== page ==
Editor: Philip Ragner | Tactical Investor
The Russia investigation and Donald Trump
To date, Special Counsel Robert Mueller’s investigation has swept up four members of Trump’s campaign, including three who have agreed to work with Mueller’s team as part of a plea deal. Numerous Trump associates had contacts with Russian government officials or business people during the campaign and presidential transition.
As the investigation has unfolded, the Trump team’s stories have changed, recollections have been refreshed and government officials have come forward with new assessments of the intelligence.
Spring 2014: A Kremlin-linked company that engages in influence operations, known as the Internet Research Agency, devised a strategy to interfere with the 2016 U.S. presidential election. Its goal was to spread distrust toward candidates and the American political system.
June 16, 2015: Donald Trump announces candidacy for president.
Mid 2015: Thousands of Kremlin-backed social media accounts begin to spread propaganda and disinformation, establishing a clear preference for Trump.
January 2016: Michael Cohen, Trump’s longtime lawyer, emails Russian President Vladimir Putin’s press secretary Dmitry Peskov about plans to build a Trump Tower in Moscow.
March 19, 2016: The chairman of Hillary Clinton’s presidential campaign, John Podesta, falls victim to an email phishing scam. It is believed this is how a group of Russian hackers gained access to his email account.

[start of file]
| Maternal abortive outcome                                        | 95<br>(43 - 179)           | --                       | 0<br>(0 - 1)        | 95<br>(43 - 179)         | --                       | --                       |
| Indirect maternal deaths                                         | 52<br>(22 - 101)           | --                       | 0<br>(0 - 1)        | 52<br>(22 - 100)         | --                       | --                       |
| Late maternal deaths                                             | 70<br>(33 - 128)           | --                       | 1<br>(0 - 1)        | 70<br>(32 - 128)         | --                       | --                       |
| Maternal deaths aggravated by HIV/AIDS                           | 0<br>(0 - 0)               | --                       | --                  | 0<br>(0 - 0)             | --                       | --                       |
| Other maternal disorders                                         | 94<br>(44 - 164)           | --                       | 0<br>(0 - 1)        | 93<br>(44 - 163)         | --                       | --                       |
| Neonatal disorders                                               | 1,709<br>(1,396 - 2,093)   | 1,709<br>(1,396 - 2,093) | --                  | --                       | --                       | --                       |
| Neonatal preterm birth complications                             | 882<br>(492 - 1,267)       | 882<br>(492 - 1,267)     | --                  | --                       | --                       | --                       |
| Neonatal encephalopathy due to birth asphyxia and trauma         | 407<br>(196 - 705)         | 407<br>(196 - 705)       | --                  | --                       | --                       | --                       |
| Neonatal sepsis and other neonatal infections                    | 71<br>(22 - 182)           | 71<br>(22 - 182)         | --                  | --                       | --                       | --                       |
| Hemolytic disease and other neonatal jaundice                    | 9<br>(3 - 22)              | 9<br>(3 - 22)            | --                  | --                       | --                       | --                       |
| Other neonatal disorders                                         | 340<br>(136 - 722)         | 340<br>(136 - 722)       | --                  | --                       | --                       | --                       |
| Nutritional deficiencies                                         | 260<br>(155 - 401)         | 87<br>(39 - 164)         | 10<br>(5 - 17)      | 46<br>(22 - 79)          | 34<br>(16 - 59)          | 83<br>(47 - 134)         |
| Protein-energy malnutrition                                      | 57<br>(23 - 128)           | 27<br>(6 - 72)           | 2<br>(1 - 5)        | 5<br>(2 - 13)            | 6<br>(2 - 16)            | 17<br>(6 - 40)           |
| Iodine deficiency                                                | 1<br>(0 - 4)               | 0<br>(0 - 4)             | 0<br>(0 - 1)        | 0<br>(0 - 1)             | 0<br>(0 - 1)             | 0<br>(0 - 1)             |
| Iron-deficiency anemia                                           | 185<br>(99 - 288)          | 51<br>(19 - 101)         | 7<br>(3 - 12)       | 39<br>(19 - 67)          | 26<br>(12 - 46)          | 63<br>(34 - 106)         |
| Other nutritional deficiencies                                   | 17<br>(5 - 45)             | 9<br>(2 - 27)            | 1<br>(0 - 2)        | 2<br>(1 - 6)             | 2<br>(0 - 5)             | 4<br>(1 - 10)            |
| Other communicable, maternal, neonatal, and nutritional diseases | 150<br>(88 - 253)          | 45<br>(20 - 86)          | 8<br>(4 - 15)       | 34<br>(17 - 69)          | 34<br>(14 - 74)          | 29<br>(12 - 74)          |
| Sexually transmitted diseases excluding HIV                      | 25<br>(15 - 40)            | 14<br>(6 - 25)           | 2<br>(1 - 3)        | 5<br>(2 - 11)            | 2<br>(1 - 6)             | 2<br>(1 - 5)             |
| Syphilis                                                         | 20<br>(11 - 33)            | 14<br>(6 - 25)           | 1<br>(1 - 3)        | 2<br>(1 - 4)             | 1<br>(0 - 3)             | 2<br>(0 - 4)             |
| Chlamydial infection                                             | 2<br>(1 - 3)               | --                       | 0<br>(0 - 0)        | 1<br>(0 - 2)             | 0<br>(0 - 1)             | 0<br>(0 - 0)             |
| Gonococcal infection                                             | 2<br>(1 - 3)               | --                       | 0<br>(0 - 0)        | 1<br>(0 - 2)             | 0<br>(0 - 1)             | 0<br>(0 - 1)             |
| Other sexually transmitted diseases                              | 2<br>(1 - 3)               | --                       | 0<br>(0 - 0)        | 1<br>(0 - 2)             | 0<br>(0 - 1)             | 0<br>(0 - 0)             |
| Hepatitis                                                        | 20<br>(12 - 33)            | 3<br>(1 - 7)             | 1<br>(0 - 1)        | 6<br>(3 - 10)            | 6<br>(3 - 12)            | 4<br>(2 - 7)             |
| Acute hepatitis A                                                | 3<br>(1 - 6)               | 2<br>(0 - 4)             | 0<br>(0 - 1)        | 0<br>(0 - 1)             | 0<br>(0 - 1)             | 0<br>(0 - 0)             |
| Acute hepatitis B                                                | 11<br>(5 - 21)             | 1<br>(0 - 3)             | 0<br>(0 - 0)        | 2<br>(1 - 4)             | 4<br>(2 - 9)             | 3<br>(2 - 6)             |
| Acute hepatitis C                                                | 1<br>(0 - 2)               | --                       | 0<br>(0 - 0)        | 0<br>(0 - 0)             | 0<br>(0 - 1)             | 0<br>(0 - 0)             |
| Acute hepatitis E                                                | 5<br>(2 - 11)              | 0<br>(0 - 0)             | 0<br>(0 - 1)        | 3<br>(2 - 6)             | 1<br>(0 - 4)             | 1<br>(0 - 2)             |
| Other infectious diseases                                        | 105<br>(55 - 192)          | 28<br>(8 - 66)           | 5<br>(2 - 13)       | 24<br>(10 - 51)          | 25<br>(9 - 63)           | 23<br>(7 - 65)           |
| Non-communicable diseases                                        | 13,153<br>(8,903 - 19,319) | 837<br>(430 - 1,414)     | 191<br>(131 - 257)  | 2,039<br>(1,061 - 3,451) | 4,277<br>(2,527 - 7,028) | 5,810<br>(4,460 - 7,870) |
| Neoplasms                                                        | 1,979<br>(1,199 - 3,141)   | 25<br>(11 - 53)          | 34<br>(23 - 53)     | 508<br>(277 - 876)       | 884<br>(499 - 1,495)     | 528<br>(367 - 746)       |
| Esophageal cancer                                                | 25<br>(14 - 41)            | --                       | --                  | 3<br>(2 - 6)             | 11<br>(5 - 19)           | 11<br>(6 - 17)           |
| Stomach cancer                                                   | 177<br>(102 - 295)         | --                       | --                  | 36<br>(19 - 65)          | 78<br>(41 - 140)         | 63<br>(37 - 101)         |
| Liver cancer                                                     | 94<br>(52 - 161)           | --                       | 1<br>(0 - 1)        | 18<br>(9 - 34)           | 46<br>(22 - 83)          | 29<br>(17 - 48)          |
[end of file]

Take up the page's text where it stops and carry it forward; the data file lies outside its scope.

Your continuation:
Early March 2016: George Papadopoulos joins the Trump campaign as an adviser. While traveling in Italy in mid March, Papadopoulos meets a London-based professor whom Papadopoulos understood to have “substantial connections to Russian government officials.” Full Sory
I am learning what it is like to be caught up in the Russia witch hunt
Trump, after returning from his widely panned meeting with Putin in Helsinki last week, said he intended to invite Putin to the White House for a follow-up meeting this fall. Given the timing, the announcement surprised White House allies, and even appeared to catch Trump’s top intelligence official, Dan Coats, off guard.
White House press secretary Sarah Sanders had said the follow-up meeting was intended to continue “an ongoing working level dialogue between the two security council staffs.” The White House repeatedly fired back at critics by saying it was a good idea for the leaders of the two countries to continue to keep talking. Full Story
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